We Draw the Line at Laser Beams: Erich Von Daniken’s Chariots of the Gods
Quick Links from the Episode:
- Erich von Daniken has his own YouTube channel, which could be great fun if you are able to read/speak German.
- The Nazca Lines are enormous geoglyphs that have been carved into the Peruvian desert. Designated a UNESCO world heritage site in 1994, archaeologists go back and forth on why the figures were made, but the sheer size and precision of these artifacts has led many to theorize an alien influence. As late as last year, 143 new glyphs were discovered, some even by using AI. The Wikipedia article has beautiful photos of the most famous geoglyphs, some of which are featured below.
- Tiwanaku (Tiahuanaco in Spanish) is a rich archaeological site on Lake Titicaca in Bolivia. The Tiwanaku empire was a highly sophisticated civilization, as evidence by the monumental architecture of undeniably good craftsmanship. The Ancient History Encyclopedia article on this site includes photographs of the infamous Gate of the Sun which makes an appearance in Chariots of the Gods.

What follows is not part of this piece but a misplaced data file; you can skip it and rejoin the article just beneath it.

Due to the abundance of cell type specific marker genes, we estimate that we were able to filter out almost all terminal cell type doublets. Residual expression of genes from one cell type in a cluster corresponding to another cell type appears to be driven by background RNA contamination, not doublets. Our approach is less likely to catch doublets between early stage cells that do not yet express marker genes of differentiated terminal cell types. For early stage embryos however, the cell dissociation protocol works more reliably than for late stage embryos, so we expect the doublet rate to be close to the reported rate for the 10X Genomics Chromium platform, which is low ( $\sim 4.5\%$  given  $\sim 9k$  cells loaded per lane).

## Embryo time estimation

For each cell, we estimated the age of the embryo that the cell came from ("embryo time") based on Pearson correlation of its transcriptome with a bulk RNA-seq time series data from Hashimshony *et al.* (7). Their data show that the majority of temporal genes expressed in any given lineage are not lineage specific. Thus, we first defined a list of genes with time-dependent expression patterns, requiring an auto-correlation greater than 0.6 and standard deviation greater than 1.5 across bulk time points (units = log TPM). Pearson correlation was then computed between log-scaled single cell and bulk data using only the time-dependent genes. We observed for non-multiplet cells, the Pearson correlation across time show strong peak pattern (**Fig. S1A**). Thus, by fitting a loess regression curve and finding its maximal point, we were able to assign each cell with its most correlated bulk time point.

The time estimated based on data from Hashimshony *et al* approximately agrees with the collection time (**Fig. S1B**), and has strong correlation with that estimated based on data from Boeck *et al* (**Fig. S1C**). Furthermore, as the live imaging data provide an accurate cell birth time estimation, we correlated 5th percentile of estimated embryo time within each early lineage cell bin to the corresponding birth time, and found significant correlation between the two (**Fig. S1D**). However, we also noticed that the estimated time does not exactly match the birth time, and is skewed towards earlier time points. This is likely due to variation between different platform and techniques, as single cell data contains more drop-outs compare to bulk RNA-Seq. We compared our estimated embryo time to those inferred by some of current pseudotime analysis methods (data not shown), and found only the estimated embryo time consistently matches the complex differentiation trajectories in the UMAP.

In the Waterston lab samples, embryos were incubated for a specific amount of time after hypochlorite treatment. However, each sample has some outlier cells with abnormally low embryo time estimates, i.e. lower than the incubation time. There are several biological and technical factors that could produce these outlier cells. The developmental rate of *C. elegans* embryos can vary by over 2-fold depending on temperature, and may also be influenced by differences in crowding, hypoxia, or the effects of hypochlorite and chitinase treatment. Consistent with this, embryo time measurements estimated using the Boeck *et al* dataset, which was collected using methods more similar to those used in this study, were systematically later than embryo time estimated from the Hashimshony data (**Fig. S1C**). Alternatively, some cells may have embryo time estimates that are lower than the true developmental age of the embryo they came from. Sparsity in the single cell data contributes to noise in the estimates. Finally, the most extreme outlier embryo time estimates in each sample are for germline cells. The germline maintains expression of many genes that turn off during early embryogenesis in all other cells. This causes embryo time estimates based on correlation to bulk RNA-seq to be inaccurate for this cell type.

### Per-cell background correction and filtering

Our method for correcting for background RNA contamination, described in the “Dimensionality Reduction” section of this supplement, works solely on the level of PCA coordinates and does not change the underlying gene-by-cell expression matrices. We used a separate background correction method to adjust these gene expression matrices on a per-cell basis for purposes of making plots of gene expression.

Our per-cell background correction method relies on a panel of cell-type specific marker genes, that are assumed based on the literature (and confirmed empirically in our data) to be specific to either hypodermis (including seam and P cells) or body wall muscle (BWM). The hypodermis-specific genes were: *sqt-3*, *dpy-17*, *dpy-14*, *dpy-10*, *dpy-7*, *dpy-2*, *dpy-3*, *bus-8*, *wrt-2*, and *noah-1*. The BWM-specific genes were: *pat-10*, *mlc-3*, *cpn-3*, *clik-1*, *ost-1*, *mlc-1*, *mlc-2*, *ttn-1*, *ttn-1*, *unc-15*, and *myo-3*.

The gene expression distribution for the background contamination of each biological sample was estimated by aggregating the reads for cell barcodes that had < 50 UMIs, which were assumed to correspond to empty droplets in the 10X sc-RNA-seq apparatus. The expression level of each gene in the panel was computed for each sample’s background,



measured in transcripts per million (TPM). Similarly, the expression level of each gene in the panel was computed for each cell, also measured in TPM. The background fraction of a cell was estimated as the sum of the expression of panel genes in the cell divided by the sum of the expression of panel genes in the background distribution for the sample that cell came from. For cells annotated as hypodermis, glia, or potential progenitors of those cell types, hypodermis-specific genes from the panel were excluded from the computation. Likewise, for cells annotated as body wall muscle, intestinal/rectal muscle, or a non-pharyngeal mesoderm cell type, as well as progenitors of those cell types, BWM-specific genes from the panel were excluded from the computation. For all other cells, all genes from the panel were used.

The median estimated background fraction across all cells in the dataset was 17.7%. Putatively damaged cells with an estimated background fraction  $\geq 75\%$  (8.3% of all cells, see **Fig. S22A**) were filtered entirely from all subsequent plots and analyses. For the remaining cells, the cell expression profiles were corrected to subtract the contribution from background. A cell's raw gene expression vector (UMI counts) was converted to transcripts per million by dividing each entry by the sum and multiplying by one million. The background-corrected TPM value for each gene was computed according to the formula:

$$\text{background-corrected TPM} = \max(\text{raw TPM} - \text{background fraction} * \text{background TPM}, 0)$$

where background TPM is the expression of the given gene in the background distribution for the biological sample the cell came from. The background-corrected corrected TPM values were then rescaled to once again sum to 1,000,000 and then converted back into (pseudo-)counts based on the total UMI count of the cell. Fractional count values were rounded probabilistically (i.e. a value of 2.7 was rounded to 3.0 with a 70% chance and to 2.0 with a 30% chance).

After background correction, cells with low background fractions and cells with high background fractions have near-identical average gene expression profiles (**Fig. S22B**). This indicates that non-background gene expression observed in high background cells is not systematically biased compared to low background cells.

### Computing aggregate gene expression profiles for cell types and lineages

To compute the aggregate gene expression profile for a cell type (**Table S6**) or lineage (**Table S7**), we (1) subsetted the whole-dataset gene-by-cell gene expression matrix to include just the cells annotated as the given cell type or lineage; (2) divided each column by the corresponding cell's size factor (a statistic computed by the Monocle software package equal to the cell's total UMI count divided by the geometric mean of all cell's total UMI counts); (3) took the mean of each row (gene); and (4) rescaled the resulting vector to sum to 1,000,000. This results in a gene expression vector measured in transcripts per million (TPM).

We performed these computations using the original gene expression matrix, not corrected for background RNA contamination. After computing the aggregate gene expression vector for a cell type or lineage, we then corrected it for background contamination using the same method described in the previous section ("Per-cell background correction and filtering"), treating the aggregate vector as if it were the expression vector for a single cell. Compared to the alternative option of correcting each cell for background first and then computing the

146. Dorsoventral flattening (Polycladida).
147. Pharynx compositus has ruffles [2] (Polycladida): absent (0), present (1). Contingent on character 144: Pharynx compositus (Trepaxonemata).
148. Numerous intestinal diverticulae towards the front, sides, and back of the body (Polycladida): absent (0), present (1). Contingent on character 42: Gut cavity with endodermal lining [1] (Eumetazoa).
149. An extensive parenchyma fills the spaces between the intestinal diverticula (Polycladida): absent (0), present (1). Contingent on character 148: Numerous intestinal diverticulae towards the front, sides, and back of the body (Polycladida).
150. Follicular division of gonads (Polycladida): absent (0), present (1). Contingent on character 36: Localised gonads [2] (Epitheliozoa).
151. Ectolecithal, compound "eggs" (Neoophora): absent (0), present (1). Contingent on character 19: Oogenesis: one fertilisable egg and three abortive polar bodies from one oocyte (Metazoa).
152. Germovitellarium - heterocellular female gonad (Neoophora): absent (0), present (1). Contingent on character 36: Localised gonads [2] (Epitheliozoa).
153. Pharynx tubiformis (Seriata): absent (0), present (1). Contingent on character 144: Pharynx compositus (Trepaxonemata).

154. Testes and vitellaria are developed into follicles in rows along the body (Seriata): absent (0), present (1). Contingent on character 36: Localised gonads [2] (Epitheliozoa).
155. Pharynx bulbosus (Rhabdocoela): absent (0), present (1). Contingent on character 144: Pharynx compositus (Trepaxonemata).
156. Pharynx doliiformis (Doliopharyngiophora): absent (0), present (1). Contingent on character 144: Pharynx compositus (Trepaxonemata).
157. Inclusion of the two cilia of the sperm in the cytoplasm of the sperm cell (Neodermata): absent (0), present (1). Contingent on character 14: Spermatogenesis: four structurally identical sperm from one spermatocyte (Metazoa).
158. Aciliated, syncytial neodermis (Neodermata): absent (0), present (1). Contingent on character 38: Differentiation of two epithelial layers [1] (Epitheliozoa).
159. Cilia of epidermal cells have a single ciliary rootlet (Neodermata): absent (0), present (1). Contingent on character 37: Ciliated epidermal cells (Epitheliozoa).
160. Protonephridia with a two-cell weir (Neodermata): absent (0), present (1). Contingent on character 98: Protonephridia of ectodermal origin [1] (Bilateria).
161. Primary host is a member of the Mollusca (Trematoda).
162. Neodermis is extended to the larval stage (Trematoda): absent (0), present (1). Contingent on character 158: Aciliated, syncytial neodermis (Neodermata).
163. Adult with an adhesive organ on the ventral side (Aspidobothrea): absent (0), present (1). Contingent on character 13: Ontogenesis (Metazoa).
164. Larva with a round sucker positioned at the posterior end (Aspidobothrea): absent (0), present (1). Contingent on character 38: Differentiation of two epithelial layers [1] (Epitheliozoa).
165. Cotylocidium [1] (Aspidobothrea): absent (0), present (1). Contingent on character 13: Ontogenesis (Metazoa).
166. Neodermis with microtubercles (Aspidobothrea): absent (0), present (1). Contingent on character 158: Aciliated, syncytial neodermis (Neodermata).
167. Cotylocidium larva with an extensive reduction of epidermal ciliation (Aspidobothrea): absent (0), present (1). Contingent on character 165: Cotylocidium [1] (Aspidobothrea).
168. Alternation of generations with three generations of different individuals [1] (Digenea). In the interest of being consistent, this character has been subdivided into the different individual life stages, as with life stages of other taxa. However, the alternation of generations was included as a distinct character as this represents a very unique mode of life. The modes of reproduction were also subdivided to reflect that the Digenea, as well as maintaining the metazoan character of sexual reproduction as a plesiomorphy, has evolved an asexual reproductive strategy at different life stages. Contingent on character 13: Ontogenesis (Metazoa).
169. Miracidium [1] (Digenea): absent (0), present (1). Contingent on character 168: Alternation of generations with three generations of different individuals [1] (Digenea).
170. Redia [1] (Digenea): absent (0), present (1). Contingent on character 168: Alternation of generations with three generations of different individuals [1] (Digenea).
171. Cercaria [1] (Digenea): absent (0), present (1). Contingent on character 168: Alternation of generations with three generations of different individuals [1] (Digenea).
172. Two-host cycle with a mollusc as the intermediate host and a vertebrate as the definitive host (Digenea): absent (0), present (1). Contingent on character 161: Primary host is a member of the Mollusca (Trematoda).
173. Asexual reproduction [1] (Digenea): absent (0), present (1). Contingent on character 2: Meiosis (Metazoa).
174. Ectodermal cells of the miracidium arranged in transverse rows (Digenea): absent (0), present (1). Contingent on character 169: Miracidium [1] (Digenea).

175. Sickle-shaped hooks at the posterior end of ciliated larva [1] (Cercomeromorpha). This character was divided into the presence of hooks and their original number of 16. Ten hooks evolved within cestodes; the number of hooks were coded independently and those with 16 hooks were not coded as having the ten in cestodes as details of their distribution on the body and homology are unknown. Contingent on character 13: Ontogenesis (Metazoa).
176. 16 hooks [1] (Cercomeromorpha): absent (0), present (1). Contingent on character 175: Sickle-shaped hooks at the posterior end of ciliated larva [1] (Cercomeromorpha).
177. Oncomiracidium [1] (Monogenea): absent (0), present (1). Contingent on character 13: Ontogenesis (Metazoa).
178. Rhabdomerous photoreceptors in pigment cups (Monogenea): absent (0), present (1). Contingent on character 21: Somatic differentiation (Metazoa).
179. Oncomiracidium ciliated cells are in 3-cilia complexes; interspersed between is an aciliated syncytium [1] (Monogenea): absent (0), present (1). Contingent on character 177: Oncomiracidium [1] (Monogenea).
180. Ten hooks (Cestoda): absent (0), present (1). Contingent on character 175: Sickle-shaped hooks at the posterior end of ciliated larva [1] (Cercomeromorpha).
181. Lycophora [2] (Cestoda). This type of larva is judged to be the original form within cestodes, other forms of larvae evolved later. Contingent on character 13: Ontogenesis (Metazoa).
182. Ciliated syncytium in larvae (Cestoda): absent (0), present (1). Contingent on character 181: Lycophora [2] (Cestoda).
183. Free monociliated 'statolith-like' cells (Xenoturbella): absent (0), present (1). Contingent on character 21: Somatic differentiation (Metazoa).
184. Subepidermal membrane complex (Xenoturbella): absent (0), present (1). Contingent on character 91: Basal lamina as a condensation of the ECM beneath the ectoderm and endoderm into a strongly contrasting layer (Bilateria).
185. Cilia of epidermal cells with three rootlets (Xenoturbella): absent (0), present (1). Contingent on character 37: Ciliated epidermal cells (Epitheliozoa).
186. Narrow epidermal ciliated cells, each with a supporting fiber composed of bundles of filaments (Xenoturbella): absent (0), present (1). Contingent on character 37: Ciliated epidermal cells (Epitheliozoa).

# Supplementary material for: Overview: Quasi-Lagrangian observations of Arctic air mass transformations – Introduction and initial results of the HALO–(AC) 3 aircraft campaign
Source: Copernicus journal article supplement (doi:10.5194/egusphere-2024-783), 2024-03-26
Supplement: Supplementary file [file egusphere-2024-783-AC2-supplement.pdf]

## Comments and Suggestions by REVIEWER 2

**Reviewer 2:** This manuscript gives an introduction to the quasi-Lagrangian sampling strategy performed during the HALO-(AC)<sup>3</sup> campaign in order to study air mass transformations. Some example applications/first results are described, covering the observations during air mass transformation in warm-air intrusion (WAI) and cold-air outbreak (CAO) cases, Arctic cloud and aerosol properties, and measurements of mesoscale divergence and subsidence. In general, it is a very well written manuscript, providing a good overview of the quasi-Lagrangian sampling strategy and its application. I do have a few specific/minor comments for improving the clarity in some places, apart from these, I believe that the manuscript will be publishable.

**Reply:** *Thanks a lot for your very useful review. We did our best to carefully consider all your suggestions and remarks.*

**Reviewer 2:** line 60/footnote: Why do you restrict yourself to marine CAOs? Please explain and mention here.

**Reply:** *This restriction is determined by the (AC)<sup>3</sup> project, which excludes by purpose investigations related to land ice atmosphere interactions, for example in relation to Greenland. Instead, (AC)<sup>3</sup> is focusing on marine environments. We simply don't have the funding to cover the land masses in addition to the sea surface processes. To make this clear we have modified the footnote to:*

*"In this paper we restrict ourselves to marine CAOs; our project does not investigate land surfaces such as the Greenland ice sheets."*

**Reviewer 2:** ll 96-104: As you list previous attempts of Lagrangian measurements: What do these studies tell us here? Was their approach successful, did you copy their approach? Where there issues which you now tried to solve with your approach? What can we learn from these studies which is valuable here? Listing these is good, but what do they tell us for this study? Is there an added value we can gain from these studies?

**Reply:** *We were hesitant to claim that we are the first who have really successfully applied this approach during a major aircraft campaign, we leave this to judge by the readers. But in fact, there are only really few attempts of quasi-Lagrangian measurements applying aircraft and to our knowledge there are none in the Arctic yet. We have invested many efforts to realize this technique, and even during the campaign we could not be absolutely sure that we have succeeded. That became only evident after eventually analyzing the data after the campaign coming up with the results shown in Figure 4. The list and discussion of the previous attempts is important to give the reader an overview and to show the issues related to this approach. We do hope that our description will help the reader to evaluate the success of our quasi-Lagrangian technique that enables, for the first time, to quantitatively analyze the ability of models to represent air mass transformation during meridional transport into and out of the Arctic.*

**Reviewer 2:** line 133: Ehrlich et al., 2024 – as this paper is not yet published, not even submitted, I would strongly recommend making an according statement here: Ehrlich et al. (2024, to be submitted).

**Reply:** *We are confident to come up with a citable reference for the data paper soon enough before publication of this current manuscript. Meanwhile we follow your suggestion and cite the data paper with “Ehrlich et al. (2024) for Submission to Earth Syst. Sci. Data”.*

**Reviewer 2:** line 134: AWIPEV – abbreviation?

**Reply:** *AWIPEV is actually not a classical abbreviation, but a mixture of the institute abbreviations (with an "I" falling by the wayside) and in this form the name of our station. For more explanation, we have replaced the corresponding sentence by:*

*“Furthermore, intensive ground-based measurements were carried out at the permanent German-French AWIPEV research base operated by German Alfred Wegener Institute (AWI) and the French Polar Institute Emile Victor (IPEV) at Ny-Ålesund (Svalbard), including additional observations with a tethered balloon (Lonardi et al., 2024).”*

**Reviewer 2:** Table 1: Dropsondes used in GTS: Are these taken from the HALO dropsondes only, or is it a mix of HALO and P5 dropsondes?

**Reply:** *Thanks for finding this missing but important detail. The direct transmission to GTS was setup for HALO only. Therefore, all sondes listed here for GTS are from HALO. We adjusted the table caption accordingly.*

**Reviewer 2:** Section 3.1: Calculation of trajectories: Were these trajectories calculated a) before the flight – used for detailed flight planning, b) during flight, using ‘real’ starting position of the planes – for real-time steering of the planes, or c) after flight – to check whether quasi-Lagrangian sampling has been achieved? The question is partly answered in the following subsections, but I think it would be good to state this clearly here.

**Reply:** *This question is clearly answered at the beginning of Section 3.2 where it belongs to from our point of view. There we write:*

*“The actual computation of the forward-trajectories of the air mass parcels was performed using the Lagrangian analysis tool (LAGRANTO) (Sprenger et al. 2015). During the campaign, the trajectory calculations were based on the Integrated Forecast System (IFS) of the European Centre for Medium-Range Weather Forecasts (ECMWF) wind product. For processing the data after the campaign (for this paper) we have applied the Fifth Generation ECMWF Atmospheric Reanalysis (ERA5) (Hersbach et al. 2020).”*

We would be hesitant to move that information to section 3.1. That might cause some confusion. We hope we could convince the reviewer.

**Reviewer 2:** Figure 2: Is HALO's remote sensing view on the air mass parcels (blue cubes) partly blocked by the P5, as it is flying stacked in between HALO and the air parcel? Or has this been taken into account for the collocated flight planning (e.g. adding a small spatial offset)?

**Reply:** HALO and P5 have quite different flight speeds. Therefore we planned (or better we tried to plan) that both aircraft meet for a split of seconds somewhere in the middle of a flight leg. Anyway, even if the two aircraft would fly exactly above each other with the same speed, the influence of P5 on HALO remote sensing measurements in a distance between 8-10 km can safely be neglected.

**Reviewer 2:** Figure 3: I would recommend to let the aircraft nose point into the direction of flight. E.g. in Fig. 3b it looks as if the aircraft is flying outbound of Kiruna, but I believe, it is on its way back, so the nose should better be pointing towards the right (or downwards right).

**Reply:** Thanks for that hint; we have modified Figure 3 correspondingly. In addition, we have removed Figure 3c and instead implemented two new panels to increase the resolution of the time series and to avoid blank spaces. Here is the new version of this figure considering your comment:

- Unsurprisingly there is a rational wiki on Daniken. It is scathing and delightful.
- Some notes on metalworking: Yes, we can heat up stone to a crazy high temperature, and we have been able to do so for quite some time. Alien assistance not required. This process is well documented by archaeologists (and blacksmiths) and there is no evidence that any special knowledge was imparted to our ancestors from an otherworldly source. Here is the YouTube video Paige referenced in the episode.
Weeks and weeks ago, in our very first episode on Zecharia Stichin’s The Lost Realms, we promised our listeners another book about aliens. Well, that moment has finally arrived. Erich Von Daniken’s Chariots of the Gods may be familiar if you’ve spent any time watching Ancient Aliens; the book is probably cited at least once an episode. In fact, that is how Jennifer recognized the title when Paige picked up this little number in the thrift store. A foundational work of the ancient astronaut field, Daniken takes the reader on a wild ride through an alternate human history, complete with alien overlords, little supporting evidence, and hot takes on the field of archaeology and beyond.